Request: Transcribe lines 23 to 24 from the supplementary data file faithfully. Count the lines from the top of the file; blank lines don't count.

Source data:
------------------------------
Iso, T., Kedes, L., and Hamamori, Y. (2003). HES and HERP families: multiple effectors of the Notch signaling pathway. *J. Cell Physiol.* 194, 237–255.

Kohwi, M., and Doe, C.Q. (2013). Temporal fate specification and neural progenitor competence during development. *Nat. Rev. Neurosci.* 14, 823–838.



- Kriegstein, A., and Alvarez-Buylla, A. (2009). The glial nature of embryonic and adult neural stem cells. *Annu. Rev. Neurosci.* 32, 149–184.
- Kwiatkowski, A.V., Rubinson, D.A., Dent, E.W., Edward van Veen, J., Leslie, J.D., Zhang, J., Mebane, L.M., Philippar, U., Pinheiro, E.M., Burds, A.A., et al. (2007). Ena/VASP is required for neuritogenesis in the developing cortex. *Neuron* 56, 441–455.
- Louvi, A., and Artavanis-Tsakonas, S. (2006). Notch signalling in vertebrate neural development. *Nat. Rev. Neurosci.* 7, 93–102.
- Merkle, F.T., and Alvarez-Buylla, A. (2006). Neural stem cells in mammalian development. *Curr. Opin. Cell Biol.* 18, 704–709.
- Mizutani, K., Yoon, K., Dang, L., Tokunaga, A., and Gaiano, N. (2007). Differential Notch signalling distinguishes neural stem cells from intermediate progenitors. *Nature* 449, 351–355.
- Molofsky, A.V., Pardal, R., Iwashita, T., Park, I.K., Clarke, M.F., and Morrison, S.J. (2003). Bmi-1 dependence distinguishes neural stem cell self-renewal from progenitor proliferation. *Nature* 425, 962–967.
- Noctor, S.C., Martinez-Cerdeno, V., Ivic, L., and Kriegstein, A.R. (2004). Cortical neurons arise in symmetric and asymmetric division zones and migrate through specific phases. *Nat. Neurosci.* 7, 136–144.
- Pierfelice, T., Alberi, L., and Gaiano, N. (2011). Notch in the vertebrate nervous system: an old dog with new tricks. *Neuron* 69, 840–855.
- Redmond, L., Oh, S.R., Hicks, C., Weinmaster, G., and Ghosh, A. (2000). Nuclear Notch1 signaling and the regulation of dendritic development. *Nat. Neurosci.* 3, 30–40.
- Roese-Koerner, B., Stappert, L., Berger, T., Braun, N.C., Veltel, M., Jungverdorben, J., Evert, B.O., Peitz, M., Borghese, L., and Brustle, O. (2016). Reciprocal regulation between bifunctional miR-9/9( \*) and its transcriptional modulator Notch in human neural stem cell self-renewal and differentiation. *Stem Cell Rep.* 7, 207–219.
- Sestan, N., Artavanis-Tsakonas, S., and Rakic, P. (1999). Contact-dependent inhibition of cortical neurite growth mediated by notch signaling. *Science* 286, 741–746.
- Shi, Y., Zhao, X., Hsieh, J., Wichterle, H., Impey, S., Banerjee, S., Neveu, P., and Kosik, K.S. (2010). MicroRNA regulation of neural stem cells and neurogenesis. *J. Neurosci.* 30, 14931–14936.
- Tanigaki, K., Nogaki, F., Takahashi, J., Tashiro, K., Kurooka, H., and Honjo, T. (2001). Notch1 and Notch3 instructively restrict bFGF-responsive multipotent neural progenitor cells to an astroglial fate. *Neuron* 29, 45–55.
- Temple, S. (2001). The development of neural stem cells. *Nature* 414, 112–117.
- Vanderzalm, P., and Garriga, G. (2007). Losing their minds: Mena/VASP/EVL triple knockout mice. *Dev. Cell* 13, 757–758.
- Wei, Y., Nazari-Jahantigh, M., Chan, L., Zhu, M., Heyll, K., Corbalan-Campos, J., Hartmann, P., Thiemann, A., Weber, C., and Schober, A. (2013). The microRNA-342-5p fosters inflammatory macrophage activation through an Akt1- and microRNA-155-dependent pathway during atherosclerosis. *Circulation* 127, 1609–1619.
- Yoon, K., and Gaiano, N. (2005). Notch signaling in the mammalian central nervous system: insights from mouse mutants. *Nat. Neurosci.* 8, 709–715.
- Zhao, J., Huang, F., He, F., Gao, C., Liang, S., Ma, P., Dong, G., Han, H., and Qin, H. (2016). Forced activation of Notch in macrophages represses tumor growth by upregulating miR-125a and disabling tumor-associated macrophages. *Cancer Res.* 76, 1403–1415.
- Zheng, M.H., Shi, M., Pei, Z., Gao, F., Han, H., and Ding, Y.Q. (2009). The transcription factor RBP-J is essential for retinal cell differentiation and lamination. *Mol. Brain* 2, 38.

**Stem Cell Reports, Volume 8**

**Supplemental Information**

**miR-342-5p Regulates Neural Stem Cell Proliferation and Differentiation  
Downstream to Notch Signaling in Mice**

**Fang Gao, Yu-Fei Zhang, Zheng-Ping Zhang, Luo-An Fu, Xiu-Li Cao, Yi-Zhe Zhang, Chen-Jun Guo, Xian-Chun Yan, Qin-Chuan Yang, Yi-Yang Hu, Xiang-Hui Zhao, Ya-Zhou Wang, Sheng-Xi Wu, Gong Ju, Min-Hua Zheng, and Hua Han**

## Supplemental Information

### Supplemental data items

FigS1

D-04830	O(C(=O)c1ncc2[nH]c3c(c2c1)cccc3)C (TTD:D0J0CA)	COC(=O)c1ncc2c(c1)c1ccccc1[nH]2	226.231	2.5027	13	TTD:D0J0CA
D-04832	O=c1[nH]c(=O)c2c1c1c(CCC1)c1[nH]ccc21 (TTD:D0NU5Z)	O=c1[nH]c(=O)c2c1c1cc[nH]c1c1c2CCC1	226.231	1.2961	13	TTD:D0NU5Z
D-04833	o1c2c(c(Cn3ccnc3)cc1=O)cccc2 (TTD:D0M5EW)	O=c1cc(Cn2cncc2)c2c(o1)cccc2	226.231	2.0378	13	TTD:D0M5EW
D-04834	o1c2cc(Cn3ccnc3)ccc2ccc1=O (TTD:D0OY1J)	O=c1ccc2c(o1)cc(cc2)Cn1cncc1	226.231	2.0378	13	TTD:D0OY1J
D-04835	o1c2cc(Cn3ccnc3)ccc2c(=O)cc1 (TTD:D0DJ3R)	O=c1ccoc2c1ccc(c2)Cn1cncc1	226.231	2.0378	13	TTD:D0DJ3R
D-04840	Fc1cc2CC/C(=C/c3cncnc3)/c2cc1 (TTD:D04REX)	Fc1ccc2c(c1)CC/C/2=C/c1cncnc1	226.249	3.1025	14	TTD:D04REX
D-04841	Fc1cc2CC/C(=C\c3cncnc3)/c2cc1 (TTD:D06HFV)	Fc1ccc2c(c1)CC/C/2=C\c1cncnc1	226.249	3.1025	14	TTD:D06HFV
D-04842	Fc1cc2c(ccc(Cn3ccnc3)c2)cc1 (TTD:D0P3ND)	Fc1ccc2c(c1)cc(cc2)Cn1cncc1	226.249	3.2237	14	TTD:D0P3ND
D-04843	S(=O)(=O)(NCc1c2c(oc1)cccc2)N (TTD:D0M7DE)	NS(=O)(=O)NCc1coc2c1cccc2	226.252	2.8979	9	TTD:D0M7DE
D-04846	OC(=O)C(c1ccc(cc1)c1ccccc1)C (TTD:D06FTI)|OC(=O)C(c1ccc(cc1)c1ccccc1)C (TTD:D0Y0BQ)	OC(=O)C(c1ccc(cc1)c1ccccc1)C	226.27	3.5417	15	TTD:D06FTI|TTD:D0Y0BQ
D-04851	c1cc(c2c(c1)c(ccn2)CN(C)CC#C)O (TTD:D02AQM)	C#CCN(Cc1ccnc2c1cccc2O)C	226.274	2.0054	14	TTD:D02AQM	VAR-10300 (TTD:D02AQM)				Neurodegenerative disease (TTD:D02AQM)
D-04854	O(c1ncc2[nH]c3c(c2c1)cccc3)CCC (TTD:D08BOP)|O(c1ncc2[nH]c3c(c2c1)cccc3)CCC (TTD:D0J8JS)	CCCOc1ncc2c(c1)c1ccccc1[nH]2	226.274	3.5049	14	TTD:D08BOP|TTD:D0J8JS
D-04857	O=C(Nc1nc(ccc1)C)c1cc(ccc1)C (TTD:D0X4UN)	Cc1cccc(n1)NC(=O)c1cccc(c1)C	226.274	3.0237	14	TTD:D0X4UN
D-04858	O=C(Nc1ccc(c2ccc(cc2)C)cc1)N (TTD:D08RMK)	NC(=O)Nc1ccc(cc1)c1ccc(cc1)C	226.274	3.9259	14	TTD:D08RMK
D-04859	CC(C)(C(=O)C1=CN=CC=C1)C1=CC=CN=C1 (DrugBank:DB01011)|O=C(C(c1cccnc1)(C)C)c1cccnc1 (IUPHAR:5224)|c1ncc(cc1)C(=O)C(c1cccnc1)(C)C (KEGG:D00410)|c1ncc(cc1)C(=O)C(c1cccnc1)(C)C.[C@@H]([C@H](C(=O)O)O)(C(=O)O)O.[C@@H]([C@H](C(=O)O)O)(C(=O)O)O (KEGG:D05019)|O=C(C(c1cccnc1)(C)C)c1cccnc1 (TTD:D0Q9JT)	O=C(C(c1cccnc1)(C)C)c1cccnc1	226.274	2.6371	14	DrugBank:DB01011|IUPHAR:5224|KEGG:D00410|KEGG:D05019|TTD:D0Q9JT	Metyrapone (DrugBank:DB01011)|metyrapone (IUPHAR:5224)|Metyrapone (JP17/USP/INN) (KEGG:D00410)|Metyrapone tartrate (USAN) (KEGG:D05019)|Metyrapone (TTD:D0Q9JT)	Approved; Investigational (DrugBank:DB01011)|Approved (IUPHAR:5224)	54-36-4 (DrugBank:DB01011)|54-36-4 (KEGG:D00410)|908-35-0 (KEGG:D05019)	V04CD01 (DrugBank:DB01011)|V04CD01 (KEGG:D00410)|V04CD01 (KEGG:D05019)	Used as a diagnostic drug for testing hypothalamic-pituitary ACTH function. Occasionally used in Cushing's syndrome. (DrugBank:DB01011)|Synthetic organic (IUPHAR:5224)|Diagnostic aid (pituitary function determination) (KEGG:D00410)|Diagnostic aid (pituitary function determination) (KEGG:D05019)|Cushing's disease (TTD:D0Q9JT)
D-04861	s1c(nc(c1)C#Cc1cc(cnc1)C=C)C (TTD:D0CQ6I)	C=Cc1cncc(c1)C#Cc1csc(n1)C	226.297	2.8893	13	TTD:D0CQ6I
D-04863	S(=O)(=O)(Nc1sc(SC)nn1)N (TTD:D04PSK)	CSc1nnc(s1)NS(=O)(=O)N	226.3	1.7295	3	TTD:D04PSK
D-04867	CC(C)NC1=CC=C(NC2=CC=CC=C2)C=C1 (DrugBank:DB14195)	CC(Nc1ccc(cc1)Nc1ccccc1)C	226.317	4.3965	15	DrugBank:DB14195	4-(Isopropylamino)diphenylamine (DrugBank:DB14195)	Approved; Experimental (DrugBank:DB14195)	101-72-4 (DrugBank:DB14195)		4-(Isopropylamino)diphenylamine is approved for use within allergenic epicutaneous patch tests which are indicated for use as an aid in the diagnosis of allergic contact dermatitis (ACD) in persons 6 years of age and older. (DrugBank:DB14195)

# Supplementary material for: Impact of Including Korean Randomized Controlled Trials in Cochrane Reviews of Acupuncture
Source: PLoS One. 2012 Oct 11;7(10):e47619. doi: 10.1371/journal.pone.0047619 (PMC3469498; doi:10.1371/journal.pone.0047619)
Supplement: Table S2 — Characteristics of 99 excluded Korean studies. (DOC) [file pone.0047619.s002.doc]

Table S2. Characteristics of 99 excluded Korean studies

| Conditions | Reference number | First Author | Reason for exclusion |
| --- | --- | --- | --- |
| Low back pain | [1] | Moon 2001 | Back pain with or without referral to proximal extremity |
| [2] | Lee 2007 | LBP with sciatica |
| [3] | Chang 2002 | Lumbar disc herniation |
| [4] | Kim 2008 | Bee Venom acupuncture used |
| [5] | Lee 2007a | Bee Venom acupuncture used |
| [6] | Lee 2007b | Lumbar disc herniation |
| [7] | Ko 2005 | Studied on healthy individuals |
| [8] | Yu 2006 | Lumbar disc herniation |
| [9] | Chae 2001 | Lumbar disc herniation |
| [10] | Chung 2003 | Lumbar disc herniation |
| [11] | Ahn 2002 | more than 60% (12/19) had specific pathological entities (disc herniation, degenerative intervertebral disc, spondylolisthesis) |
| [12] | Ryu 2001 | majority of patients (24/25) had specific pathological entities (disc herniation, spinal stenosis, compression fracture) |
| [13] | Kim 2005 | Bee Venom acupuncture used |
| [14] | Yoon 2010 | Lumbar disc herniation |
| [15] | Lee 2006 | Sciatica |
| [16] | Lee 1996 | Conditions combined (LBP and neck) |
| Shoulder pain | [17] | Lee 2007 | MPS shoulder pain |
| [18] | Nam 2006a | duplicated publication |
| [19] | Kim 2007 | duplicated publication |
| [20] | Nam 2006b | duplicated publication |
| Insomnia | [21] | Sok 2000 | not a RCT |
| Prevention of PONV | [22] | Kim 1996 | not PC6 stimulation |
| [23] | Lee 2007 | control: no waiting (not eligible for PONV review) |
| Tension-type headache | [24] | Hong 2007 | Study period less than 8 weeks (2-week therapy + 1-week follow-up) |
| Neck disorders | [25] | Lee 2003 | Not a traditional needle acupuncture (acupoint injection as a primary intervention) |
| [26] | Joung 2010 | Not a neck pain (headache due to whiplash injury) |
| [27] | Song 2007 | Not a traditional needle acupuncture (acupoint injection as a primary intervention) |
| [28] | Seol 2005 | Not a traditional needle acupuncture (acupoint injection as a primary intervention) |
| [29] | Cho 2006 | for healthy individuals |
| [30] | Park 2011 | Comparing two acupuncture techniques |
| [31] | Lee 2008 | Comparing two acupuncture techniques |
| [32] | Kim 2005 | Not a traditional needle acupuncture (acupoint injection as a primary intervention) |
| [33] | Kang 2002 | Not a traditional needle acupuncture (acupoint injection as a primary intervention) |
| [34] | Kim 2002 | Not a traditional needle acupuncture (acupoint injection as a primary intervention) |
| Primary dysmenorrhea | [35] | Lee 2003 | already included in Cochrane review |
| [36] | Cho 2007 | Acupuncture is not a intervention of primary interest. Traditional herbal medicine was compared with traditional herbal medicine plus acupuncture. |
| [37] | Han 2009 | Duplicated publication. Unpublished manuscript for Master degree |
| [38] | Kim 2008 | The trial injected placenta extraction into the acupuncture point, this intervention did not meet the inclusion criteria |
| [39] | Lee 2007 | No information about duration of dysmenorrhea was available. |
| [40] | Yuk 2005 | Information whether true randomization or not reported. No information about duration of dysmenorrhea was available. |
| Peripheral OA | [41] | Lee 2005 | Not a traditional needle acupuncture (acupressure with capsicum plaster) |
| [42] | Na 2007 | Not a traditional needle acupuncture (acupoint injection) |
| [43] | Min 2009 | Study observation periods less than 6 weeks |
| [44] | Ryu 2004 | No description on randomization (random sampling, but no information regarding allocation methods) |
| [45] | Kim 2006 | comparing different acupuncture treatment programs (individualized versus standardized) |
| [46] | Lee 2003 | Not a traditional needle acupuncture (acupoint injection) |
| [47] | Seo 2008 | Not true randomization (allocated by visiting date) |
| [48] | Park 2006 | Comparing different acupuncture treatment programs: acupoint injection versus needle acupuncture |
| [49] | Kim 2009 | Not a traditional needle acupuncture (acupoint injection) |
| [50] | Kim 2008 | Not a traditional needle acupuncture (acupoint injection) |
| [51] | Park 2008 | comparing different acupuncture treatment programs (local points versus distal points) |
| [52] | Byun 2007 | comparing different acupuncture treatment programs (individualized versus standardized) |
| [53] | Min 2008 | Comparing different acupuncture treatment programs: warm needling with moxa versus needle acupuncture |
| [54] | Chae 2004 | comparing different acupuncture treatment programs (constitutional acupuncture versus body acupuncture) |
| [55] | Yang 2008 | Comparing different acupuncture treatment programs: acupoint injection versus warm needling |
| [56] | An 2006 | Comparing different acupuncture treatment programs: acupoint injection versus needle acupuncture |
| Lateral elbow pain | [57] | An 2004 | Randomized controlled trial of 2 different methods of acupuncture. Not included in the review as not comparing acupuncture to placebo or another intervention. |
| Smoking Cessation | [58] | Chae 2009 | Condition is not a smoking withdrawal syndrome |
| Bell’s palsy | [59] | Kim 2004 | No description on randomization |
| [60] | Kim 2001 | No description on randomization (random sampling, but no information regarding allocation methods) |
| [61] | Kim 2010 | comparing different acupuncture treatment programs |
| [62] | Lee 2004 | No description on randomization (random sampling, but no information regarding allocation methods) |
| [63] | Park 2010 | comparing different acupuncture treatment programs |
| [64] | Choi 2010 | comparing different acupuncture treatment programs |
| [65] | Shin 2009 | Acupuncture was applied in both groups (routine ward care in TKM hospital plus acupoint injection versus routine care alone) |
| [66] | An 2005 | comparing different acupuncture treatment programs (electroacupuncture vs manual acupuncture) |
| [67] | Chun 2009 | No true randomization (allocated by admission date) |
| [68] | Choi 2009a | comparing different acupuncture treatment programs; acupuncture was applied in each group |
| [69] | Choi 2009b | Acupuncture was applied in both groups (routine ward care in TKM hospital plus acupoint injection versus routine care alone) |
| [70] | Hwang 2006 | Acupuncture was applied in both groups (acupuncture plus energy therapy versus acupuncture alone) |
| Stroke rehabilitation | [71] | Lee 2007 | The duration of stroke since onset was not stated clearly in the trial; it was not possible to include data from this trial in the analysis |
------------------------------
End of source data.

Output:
**Supplemental Information**

**miR-342-5p Regulates Neural Stem Cell Proliferation and Differentiation  